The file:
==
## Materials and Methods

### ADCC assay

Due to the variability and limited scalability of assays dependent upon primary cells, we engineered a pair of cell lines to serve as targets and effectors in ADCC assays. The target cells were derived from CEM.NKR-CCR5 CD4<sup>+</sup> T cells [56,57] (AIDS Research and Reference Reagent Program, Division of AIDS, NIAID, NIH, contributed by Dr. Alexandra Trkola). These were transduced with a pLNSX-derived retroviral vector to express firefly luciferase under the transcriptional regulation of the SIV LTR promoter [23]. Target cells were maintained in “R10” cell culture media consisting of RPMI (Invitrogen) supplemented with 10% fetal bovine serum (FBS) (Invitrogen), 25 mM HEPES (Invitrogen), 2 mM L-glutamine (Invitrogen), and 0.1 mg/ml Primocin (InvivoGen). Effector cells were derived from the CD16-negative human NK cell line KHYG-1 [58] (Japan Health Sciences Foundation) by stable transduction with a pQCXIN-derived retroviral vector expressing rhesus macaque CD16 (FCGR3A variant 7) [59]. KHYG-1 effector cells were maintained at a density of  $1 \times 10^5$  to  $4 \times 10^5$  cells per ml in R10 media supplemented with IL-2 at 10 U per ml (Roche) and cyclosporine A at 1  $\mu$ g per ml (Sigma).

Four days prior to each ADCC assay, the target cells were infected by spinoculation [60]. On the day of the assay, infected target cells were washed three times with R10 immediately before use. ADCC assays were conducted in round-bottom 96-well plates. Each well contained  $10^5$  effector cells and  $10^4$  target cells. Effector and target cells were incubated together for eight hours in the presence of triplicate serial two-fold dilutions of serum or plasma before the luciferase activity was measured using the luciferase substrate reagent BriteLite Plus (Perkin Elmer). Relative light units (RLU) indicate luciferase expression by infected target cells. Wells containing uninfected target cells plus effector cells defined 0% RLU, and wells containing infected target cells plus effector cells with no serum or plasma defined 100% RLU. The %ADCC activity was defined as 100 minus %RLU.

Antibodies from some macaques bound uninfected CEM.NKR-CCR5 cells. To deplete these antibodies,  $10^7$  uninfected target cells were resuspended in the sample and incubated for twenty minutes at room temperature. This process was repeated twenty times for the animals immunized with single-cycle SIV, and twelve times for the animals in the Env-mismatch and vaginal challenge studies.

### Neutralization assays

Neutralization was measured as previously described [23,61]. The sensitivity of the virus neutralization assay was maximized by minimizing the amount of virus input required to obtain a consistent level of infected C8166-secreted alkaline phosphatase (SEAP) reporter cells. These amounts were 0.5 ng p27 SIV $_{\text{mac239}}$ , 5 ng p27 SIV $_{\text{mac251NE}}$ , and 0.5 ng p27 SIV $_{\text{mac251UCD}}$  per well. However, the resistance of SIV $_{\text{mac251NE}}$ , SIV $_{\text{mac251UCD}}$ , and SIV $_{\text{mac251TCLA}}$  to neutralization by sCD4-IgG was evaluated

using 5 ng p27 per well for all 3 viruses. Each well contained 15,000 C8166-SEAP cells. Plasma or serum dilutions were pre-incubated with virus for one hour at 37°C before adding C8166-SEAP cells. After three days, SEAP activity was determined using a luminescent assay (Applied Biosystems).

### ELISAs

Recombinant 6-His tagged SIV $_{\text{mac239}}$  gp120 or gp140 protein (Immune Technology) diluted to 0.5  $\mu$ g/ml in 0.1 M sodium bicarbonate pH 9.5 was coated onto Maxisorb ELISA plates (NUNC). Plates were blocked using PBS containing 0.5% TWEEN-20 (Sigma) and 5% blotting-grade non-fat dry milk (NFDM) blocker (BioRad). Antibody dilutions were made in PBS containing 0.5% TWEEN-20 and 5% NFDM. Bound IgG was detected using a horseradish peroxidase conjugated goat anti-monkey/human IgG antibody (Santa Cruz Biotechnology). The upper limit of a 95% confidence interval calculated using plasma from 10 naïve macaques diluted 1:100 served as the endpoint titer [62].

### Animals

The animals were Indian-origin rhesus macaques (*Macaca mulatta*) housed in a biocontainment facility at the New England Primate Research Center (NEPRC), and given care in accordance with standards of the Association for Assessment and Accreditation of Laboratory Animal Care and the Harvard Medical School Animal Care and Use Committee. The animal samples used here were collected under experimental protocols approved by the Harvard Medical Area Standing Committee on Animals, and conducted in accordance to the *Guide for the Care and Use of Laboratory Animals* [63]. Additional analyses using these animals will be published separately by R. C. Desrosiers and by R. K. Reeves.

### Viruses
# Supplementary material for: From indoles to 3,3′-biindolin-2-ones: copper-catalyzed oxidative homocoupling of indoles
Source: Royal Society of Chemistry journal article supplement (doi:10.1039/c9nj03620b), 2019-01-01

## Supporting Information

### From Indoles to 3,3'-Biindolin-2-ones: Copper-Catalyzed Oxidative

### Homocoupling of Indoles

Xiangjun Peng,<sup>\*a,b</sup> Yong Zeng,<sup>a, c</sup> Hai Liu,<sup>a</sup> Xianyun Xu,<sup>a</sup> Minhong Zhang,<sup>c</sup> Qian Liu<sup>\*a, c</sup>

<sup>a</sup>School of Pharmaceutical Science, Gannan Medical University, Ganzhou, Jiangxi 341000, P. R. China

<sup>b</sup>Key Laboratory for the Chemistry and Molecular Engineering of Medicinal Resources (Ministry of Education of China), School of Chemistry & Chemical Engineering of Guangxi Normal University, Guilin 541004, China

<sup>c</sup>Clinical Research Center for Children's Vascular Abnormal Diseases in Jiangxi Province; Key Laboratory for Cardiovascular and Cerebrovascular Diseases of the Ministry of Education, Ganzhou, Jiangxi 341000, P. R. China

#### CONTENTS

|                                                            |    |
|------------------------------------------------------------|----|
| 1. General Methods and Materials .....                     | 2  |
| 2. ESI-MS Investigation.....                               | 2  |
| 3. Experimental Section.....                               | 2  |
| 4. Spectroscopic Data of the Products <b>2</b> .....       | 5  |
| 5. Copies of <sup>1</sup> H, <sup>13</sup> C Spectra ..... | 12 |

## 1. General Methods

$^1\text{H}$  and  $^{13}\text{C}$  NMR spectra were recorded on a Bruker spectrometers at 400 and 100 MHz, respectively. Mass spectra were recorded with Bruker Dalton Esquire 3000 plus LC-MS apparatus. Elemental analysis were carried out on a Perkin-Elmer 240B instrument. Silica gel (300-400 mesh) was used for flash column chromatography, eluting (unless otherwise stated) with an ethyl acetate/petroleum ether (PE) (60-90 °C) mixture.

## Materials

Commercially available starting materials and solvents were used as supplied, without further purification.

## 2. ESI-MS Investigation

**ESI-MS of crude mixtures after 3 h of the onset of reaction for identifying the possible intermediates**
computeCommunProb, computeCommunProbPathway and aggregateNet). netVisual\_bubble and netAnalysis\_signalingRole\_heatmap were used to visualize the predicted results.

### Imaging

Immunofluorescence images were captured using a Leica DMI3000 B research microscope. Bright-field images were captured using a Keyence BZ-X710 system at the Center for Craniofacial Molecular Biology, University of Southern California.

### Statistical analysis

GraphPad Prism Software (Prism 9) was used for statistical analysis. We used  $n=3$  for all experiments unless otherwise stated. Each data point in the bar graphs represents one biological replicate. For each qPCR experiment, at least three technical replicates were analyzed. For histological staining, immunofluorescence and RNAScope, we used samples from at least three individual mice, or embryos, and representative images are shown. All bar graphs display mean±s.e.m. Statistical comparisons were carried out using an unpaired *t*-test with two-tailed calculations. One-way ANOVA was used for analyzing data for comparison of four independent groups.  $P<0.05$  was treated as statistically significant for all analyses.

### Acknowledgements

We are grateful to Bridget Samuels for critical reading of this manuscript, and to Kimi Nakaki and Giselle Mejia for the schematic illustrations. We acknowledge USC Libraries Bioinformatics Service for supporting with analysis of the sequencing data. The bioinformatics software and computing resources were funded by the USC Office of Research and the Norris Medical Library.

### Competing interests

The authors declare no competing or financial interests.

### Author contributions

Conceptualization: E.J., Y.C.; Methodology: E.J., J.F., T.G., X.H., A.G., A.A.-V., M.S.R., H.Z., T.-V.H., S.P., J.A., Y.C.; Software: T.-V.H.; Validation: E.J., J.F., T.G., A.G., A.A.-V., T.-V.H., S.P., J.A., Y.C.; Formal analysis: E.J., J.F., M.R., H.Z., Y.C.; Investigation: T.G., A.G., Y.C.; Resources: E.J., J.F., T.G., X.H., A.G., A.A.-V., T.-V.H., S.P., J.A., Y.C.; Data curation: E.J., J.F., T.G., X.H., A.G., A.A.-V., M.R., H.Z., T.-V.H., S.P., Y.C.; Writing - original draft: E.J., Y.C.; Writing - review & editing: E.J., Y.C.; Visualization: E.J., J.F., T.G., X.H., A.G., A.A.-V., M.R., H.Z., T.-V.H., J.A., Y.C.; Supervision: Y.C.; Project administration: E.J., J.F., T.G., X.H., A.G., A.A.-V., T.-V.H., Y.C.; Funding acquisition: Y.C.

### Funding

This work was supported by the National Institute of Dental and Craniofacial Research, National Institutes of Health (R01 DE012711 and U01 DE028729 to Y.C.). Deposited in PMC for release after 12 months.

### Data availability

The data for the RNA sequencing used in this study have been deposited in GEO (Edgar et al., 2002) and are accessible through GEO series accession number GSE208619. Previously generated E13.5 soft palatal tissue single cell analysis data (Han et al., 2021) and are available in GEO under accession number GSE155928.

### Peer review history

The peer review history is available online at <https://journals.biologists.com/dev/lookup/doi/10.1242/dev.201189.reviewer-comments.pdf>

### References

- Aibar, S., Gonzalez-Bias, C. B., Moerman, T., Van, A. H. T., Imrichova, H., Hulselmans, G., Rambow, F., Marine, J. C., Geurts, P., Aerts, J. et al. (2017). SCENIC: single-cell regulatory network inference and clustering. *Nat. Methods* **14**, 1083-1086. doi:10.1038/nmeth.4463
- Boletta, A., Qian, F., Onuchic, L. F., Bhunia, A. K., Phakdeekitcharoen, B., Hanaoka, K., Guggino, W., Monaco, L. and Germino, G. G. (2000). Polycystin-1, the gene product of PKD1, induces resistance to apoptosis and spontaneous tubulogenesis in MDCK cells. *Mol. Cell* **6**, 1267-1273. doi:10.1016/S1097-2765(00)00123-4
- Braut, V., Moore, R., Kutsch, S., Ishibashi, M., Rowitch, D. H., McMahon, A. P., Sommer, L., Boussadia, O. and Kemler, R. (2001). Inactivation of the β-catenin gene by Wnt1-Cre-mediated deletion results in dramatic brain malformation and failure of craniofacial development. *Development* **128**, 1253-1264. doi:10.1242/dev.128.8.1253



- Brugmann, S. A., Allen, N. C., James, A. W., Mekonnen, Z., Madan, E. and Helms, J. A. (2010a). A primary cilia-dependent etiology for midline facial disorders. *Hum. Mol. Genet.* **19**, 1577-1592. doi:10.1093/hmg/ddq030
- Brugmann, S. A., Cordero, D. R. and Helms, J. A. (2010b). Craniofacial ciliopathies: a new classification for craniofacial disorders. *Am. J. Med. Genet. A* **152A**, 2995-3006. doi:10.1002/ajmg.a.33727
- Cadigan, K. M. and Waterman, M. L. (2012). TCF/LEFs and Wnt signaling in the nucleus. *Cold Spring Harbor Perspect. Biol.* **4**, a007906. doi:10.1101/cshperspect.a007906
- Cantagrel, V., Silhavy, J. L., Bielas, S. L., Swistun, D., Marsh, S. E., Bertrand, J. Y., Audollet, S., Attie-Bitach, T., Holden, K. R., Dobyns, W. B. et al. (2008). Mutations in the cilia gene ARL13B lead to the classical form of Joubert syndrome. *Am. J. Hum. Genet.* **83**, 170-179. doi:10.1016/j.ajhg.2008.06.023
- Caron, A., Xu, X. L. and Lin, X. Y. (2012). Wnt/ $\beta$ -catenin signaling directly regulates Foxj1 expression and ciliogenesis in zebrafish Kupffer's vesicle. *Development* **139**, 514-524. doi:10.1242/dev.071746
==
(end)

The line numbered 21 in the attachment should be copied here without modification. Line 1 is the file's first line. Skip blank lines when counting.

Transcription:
<sup>b</sup>Key Laboratory for the Chemistry and Molecular Engineering of Medicinal Resources (Ministry of Education of China), School of Chemistry & Chemical Engineering of Guangxi Normal University, Guilin 541004, China